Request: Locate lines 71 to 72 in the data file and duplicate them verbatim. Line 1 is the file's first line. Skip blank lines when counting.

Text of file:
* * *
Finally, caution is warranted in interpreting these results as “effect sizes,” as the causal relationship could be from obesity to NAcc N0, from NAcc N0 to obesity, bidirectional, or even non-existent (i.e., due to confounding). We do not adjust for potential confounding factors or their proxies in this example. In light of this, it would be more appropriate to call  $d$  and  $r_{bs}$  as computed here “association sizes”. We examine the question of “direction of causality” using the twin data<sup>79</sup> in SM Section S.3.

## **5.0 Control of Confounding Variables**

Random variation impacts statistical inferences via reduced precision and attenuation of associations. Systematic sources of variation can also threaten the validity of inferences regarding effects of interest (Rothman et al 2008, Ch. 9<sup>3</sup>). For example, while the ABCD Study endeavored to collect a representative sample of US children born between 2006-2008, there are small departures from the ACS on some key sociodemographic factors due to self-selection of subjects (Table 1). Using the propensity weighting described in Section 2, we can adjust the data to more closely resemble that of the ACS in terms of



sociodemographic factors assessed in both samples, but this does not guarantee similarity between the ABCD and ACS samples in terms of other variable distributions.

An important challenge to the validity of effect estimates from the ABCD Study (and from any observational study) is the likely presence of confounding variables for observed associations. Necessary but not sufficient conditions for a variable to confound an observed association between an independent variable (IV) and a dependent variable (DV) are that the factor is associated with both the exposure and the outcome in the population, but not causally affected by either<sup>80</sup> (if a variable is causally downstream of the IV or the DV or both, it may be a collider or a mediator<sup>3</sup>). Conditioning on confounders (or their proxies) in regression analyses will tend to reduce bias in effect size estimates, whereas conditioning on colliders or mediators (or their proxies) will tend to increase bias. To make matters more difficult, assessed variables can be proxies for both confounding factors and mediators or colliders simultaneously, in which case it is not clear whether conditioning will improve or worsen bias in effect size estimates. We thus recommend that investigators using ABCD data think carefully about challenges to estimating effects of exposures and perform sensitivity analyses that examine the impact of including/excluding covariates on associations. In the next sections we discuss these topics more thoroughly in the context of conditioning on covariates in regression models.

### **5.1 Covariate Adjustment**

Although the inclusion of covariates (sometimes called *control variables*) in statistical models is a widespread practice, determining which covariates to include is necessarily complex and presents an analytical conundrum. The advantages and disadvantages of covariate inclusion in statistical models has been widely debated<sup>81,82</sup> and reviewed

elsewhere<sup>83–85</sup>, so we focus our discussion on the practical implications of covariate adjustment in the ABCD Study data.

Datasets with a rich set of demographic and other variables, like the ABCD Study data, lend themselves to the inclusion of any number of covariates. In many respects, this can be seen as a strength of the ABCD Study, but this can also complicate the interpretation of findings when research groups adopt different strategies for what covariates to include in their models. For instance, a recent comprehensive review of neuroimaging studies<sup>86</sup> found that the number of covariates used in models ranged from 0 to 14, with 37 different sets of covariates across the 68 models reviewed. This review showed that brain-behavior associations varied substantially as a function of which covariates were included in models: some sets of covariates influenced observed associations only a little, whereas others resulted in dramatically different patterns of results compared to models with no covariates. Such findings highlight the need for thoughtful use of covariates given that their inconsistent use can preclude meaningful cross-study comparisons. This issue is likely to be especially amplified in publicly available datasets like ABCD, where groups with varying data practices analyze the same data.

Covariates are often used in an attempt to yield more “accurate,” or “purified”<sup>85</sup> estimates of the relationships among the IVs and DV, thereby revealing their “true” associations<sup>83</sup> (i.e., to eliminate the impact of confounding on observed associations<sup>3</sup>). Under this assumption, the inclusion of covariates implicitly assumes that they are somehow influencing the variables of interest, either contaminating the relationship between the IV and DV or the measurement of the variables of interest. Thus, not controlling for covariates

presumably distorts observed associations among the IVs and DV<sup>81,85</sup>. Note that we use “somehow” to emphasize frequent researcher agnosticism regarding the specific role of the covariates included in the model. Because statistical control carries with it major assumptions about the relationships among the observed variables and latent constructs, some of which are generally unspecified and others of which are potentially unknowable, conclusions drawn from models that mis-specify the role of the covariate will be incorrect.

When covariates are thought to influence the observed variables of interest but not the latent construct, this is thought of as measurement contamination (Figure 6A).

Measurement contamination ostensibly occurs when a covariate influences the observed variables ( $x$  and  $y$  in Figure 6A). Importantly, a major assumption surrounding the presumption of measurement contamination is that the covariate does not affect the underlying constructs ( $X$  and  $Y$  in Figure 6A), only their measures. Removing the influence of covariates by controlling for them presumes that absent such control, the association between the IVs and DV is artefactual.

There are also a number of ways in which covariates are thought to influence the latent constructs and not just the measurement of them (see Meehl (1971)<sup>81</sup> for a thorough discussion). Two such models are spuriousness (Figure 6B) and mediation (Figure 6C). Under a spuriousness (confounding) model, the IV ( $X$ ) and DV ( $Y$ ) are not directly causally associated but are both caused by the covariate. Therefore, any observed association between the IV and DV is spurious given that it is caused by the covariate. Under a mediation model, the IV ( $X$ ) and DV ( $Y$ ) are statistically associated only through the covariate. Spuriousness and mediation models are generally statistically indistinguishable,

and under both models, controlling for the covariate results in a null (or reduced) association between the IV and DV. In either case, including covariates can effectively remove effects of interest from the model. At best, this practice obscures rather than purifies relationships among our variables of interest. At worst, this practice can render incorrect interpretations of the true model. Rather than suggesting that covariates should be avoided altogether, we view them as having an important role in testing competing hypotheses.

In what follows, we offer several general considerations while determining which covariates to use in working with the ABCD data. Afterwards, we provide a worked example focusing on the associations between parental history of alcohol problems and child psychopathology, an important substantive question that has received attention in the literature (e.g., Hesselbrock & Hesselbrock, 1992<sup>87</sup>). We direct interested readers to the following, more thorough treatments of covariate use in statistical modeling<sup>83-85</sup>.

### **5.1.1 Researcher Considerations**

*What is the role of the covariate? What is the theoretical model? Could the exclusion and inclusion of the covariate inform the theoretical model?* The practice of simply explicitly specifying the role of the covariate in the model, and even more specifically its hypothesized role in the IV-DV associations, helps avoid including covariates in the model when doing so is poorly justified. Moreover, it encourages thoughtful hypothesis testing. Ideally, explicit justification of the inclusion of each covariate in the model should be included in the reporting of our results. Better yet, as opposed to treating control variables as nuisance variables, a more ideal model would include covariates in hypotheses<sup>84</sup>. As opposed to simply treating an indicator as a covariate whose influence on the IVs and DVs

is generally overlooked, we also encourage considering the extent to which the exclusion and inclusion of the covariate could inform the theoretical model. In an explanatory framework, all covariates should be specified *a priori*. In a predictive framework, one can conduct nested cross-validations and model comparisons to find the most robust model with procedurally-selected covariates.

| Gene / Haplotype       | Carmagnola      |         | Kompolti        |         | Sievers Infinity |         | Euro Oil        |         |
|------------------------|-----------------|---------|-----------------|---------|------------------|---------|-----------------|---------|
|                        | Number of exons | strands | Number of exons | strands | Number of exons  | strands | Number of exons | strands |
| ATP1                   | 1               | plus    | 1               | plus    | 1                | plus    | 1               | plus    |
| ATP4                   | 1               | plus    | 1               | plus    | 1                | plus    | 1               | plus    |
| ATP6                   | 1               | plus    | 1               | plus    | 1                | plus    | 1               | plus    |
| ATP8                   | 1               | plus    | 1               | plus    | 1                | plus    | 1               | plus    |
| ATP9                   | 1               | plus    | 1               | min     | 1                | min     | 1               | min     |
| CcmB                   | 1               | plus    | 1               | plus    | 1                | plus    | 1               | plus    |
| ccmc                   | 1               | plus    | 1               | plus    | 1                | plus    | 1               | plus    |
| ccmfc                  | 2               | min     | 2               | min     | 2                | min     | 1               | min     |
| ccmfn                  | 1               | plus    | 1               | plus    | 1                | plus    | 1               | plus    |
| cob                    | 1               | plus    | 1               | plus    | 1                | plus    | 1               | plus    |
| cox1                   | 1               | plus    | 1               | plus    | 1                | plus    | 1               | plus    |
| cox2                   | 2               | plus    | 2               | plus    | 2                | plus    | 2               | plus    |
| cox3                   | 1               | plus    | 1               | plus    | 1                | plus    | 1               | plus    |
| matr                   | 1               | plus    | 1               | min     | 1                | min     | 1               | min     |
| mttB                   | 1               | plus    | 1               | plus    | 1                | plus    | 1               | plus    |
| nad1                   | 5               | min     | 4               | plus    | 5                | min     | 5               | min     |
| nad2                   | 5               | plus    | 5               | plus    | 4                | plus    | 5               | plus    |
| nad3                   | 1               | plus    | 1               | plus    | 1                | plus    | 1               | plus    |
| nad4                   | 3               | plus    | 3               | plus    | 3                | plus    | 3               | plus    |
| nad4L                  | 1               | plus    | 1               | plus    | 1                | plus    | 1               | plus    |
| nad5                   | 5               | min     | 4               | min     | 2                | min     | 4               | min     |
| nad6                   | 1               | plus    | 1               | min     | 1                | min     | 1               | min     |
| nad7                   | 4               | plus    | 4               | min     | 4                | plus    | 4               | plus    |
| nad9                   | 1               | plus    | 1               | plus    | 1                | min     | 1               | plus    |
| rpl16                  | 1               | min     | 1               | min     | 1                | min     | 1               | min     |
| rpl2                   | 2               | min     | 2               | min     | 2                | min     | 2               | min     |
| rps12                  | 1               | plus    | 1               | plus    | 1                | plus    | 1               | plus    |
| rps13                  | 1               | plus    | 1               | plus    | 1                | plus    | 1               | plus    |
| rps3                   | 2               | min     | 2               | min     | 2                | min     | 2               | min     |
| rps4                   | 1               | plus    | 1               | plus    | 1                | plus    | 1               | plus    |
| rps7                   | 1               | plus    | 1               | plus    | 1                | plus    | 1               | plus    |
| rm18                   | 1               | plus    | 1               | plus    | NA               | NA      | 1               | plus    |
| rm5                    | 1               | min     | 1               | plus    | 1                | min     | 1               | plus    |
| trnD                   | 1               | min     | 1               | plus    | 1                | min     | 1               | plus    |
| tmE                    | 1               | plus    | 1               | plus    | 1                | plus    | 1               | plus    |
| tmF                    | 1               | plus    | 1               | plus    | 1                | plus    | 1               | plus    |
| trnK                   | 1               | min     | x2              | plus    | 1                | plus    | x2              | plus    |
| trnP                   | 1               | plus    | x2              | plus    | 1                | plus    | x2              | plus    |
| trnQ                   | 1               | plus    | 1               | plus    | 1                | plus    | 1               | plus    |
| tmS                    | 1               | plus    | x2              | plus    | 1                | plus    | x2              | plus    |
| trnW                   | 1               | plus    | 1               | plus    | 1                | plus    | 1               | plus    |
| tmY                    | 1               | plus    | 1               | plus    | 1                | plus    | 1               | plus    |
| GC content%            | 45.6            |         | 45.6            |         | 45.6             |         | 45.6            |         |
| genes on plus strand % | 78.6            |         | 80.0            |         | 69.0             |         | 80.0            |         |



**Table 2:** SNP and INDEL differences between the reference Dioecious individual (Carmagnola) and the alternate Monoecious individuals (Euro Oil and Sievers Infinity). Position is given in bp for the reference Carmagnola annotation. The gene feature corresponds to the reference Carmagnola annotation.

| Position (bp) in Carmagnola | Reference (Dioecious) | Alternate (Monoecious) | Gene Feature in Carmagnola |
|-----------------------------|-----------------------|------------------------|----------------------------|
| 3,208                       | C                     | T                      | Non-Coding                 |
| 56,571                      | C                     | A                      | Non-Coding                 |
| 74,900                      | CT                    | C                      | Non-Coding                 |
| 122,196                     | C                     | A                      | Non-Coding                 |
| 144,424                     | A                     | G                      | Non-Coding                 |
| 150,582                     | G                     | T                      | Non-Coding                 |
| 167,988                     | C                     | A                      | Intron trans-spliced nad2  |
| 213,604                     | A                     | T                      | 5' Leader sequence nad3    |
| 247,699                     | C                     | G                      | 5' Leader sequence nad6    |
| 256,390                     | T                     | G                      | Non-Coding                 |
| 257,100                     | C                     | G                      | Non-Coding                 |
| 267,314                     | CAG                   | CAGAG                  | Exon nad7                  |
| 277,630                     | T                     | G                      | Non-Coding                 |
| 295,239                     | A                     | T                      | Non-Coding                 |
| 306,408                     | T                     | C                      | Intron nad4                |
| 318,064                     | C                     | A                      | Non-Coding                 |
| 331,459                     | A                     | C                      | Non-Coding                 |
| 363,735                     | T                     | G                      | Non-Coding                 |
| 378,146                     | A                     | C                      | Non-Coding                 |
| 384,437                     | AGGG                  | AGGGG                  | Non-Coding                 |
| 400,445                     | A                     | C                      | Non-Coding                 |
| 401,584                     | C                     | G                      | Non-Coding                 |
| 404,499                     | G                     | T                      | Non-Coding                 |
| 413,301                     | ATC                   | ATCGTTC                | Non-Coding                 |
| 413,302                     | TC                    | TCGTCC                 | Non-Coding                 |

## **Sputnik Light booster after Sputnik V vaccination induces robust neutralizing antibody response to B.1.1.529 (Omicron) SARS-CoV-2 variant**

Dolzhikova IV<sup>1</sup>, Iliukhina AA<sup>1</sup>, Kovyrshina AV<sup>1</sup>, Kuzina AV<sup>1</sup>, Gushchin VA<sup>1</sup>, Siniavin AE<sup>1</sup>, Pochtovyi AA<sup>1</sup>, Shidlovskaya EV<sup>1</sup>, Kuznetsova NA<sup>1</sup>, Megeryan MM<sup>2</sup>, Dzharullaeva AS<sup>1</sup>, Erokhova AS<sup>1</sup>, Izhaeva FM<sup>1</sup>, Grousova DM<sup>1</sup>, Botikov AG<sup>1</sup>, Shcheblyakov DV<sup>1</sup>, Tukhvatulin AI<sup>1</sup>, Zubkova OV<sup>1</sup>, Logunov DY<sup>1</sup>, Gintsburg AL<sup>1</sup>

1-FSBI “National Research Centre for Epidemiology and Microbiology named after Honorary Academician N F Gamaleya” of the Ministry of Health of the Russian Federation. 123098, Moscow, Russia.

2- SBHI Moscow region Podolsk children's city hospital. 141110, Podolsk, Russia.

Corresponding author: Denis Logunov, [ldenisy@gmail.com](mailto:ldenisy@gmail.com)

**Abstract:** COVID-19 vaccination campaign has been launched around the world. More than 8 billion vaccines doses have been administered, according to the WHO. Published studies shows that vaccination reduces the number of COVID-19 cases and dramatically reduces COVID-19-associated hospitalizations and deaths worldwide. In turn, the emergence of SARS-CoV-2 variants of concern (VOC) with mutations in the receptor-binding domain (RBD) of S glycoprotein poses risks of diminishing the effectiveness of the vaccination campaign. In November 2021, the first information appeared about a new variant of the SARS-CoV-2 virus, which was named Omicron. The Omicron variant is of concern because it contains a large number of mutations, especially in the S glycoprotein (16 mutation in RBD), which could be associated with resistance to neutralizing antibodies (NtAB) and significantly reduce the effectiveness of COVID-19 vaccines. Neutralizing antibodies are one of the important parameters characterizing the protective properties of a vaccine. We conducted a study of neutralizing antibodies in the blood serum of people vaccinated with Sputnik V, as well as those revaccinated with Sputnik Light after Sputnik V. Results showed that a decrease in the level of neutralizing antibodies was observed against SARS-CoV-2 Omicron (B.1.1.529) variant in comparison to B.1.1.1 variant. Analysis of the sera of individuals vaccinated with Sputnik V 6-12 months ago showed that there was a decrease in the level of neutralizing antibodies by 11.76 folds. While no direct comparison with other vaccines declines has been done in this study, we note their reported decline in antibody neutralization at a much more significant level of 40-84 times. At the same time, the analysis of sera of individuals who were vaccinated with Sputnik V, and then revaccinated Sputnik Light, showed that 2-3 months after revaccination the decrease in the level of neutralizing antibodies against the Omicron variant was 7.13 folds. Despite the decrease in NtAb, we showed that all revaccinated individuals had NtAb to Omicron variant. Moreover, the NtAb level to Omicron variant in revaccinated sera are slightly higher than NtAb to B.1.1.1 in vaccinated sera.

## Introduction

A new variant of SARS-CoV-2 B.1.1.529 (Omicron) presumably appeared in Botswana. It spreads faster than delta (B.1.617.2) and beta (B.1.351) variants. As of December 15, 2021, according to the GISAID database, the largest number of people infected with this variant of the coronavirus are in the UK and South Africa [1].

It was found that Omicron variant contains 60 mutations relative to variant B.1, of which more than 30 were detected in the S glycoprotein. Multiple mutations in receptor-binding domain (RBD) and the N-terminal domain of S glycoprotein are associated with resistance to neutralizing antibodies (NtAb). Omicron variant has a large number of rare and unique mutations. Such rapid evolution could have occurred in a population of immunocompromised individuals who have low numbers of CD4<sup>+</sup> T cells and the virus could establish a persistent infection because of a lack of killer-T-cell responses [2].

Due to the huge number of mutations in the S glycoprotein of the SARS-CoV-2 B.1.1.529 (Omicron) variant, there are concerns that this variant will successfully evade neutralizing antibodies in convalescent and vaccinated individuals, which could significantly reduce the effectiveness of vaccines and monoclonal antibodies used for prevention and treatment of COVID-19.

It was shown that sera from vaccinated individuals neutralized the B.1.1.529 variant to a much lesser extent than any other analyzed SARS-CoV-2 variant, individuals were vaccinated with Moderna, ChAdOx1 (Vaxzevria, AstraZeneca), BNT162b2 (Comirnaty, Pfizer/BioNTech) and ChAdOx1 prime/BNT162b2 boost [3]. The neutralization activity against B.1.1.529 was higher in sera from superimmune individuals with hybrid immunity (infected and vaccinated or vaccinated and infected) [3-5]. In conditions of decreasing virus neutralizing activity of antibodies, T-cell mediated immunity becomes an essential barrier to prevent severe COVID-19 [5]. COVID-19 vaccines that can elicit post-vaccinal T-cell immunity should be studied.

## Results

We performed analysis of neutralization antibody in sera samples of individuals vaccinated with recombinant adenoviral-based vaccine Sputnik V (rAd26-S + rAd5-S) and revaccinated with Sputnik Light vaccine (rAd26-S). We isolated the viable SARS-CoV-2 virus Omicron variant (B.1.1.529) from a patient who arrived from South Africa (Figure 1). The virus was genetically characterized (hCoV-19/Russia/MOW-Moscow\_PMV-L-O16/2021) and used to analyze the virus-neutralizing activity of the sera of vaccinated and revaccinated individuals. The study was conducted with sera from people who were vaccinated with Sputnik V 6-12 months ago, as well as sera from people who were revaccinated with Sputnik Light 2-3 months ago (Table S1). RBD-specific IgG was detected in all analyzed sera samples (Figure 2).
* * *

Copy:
| 56,571                      | C                     | A                      | Non-Coding                 |
| 74,900                      | CT                    | C                      | Non-Coding                 |